Stem Cells in the Common Fruit Fly Shed Light on Human Genetics
Science, January 9, 2009
Scientists have made a discovery with adult stem cells in the fruit fly, Drosophila melanogaster, which may have important implications for humans.
In a study led by Dr. Michael Buszczak, formerly of the Department of Embryology at the Howard Hughes Medical Institute Research Laboratories in Baltimore, Maryland, and currently in the Department of Molecular Biology at the University of Texas Southwest Medical Center in Dallas, researchers have reported the identification of a protease-encoding gene in Drosophila which is commonly required in germline, epithelial and intestinal stem cells.
Known as the histone H2B ubiquitin protease "scrawny" (scny) gene, the gene encodes a ubiquitin-specific protease and is a common requirement in stem cells within diverse tissue types, since such stem cells share the common need for a chromatin configuration that promotes self-renewal. Chromatin proteins contain the genetic instructions that direct cell function, and are known to regulate multiple types of stem cells.
Among other effects, Dr. Buszczak and his colleagues observed that mutant fruit flies who lacked functional copies of the scrawny gene suffered a premature loss of stem cells in various tissue types which included their skin, intestinal and reproductive tissue.
As the authors conclude in their paper, "Our findings suggest that inhibiting H2B ubiquitylation through 'scny' represents a common mechanism within stem cells that is used to repress the premature expression of key differentiation genes, including Notch target genes."
Although the scrawny gene has only been identified in fruit flies thus far, similar genes are suspected of performing similar functions in other multicellular organisms such as humans. According to Dr. Allan C. Spradling, director of the Carnegie Institution's Department of Embryology, "Our tissues and indeed our very lives depend upon the continuous functioning of stem cells, yet we know little about the genes and molecular pathways that keep stem cells from turning into regular tissue cells - a process known as differentiation. This new understanding of the role played by scrawny may make it easier to expand stem cell populations in culture, and to direct stem cell differentiation in desired directions."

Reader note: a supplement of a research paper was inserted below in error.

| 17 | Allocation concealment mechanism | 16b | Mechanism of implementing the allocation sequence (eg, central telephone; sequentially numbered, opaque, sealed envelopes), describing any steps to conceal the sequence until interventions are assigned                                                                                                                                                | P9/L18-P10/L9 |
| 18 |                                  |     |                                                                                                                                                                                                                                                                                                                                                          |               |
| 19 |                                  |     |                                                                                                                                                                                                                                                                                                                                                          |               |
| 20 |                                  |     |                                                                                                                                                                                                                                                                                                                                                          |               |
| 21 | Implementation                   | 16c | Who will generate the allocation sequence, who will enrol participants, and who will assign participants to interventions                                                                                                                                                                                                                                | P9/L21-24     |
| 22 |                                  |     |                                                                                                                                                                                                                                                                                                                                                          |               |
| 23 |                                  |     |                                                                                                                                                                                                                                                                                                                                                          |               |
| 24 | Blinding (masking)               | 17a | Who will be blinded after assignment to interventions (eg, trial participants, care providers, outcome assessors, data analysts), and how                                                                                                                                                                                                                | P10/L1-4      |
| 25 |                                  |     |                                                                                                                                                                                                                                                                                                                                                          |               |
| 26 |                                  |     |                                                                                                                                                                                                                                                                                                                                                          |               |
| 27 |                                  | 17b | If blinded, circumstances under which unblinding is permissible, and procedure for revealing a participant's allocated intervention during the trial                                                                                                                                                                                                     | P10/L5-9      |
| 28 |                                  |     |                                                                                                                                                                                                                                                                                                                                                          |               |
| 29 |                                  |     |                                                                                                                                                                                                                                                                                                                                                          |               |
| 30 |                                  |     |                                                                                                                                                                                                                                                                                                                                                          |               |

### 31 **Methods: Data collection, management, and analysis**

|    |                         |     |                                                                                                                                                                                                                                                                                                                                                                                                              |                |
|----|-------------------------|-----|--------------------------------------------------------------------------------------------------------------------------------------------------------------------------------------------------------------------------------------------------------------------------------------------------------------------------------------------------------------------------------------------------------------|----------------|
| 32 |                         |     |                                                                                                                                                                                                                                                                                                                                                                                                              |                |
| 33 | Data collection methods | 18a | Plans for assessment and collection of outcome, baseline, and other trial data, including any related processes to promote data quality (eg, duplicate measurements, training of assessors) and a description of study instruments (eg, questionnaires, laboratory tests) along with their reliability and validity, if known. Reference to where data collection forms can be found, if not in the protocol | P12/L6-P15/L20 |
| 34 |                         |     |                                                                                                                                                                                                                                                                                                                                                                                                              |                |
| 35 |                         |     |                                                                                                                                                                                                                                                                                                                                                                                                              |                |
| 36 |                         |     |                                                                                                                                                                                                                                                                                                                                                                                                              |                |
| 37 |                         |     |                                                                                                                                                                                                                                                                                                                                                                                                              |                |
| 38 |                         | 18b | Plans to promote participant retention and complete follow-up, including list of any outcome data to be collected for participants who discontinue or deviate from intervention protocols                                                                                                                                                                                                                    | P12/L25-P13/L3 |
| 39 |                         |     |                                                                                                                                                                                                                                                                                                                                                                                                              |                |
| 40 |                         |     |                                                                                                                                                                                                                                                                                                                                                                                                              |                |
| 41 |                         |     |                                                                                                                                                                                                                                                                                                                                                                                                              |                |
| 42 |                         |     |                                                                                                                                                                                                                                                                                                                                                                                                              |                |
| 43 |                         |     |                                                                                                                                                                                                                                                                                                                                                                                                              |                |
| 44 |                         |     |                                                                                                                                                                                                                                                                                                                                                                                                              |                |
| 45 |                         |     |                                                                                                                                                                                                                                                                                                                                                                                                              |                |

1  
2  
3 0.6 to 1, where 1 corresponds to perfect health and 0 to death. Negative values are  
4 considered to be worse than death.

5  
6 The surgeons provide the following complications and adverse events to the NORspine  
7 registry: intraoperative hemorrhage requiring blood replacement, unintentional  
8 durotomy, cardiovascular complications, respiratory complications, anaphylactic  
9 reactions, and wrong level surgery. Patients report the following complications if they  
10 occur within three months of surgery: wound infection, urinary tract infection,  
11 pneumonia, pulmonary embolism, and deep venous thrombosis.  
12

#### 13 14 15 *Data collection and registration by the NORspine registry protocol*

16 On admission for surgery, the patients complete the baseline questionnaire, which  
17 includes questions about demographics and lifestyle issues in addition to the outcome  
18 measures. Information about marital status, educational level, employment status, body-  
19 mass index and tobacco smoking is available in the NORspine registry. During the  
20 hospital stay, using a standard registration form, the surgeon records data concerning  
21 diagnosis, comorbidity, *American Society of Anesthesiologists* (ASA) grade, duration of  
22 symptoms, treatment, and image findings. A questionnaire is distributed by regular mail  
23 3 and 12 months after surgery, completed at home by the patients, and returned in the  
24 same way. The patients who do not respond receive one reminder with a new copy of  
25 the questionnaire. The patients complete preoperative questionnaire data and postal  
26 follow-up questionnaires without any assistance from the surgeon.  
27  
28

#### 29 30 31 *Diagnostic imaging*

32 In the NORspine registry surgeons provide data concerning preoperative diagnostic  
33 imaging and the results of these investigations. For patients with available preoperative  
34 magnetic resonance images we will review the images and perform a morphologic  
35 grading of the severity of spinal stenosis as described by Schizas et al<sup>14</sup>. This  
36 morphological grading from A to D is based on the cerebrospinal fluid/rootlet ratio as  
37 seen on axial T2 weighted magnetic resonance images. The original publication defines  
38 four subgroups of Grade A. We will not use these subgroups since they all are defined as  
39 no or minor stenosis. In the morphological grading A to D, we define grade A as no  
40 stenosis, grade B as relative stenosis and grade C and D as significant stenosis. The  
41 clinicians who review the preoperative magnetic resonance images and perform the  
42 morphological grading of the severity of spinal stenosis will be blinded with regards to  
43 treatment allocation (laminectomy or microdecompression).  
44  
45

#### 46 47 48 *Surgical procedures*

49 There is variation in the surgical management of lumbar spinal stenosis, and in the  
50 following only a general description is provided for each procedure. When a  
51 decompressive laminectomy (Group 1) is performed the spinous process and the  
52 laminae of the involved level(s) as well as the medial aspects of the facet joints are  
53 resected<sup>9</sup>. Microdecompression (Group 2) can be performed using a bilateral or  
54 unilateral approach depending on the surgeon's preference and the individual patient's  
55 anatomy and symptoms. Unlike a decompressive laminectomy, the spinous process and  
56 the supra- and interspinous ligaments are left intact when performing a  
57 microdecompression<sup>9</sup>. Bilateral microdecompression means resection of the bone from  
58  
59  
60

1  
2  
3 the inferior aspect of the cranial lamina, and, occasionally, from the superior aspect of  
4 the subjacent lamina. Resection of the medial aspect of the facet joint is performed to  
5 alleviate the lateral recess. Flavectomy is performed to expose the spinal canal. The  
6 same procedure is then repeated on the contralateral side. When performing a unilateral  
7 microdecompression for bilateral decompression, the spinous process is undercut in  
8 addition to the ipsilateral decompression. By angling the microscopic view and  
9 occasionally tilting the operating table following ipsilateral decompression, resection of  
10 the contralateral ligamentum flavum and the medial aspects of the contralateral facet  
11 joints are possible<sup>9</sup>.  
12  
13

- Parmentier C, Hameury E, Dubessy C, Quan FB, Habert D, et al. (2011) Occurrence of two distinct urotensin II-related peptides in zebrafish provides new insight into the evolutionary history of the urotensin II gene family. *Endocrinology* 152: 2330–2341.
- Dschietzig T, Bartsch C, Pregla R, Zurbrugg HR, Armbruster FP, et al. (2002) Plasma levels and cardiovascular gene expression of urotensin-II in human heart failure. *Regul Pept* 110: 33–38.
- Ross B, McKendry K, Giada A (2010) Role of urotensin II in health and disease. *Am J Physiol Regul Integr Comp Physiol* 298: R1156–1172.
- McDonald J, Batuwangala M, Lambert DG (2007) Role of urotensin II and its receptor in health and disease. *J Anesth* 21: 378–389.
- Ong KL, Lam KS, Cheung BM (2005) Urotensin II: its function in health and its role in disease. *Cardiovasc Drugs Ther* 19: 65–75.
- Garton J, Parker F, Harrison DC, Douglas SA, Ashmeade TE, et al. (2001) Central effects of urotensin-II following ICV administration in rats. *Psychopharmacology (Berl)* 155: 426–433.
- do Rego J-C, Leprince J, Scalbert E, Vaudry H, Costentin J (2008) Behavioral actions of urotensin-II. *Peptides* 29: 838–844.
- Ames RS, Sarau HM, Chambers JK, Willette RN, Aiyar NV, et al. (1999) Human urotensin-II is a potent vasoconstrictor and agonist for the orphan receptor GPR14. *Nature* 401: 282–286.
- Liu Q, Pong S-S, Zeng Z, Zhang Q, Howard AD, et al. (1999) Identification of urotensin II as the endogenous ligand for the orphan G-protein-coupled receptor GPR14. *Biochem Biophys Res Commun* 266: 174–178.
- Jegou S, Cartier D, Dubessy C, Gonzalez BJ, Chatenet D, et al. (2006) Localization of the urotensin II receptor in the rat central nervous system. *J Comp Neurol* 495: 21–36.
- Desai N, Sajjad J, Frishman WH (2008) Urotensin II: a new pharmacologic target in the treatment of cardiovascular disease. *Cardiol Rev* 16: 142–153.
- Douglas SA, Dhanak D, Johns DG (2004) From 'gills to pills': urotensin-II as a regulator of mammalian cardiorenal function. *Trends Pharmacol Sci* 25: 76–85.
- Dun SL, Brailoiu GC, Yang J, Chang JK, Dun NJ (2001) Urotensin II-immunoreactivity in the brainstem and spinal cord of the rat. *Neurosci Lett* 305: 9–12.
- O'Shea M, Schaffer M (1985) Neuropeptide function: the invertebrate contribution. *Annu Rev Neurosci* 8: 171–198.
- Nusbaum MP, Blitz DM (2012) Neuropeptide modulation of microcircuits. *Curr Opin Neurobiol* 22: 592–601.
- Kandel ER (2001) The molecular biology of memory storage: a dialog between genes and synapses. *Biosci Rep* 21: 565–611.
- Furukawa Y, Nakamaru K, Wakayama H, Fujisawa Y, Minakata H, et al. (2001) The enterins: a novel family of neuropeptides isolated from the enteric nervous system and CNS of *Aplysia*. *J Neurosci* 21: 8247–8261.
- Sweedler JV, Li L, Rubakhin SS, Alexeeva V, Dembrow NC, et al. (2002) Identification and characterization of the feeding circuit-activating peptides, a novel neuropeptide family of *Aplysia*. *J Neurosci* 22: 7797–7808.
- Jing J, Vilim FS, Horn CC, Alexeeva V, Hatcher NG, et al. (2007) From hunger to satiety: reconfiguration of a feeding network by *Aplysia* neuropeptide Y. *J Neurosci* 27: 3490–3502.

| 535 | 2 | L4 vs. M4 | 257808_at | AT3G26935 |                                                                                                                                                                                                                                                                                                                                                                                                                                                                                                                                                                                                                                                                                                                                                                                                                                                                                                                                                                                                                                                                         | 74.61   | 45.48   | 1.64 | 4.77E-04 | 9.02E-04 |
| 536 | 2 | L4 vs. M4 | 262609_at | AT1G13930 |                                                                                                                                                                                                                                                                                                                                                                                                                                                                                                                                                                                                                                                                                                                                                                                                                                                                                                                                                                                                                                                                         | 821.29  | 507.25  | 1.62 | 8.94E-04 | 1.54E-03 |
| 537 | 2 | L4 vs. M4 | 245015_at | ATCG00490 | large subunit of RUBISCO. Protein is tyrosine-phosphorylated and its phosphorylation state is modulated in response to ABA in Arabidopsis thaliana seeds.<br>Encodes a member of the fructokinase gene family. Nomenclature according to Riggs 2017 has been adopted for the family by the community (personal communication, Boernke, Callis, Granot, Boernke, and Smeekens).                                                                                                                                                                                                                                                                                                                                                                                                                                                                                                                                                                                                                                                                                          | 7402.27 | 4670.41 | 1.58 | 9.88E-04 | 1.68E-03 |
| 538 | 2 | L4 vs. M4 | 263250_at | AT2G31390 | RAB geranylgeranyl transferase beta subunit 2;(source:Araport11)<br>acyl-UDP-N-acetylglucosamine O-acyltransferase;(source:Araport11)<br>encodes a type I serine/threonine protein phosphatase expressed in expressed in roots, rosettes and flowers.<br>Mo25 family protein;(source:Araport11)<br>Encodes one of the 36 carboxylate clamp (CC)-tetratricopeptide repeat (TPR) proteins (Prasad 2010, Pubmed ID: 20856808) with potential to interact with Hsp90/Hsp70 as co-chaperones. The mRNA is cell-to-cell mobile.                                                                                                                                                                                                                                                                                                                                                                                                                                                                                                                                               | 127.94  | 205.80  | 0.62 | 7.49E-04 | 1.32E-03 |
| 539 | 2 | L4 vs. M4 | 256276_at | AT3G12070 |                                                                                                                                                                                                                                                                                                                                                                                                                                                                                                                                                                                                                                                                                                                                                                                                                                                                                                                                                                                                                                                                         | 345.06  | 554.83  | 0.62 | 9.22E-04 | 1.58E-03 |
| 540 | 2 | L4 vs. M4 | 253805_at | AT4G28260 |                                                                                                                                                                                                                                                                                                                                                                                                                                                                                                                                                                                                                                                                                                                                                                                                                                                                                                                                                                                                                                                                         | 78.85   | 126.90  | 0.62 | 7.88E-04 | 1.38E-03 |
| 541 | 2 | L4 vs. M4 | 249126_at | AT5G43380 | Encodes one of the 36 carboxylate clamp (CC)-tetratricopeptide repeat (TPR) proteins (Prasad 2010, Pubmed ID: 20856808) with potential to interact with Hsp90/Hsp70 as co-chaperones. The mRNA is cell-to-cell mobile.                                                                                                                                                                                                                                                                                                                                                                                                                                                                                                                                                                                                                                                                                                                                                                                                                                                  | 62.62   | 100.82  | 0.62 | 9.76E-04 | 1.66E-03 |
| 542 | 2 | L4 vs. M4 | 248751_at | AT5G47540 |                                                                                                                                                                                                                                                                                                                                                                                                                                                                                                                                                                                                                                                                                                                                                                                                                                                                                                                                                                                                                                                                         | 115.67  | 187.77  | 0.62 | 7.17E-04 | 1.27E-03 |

This is not the first time that important clinical therapies for people have been developed from research conducted on the humble fruit fly. Indeed, the unpretentious Drosophila melanogaster has played a central role in the advancement of human medical science for over the past century, ever since the American geneticist and embryologist, Dr. Thomas Hunt Morgan, began studying the common fruit fly in 1906 while at Columbia University. Although a few other scientists prior to Dr. Morgan had conducted experiments with Drosophila, Dr. Morgan became the first person to demonstrate, by studying successive generations of the fruit fly, that genes are transmitted from parents to offspring via chromosomes, which constitute the molecular mechanism of heredity. Such a discovery established the foundation for the entire field of modern genetics, and Dr. Morgan was awarded the 1933 Nobel Prize in Physiology or Medicine, "for his discoveries concerning the role played by the chromosome in heredity." Later, when Dr. Morgan relocated to the California Institute of Technology, he established the Division of Biology at Cal Tech which subsequently produced 7 Nobel Prize winners. To this day, in honor of Dr. Morgan and over half a century after his death in 1945, the Genetics Society of America still awards the annual Thomas Hunt Morgan Medal to one of its members, for outstanding contributions to the field of genetics. As a direct result of Dr. Morgan's discoveries, Drosophila melanogaster continues to serve as a "model organism" of study for genetics and developmental biology, and as such this fruit fly has yielded a number of important discoveries that are applicable to a variety of other species, not only humans. Currently Drosophila is still being studied as a genetic model for many of the most perplexing of human diseases such as diabetes, cancer, and a number of the neurodegenerative diseases including Alzheimer's, Huntington's and Parkinson's diseases, among others.
Like all other species - whether flora or fauna, vertebrate or invertebrate - fruit flies have stem cells too. Unlike many species, however, fruit flies also exhibit a number of traits that lend themselves desirably toward scientific investigation, such as a fast reproductive cycle within a short lifespan, an ease of culturability in large numbers, and a genotype in which mutations are easily inducible and easily trackable by phenotype from one generation to the next. All things considered, fruit flies make a much more compliant and cooperative laboratory specimen to study than humans.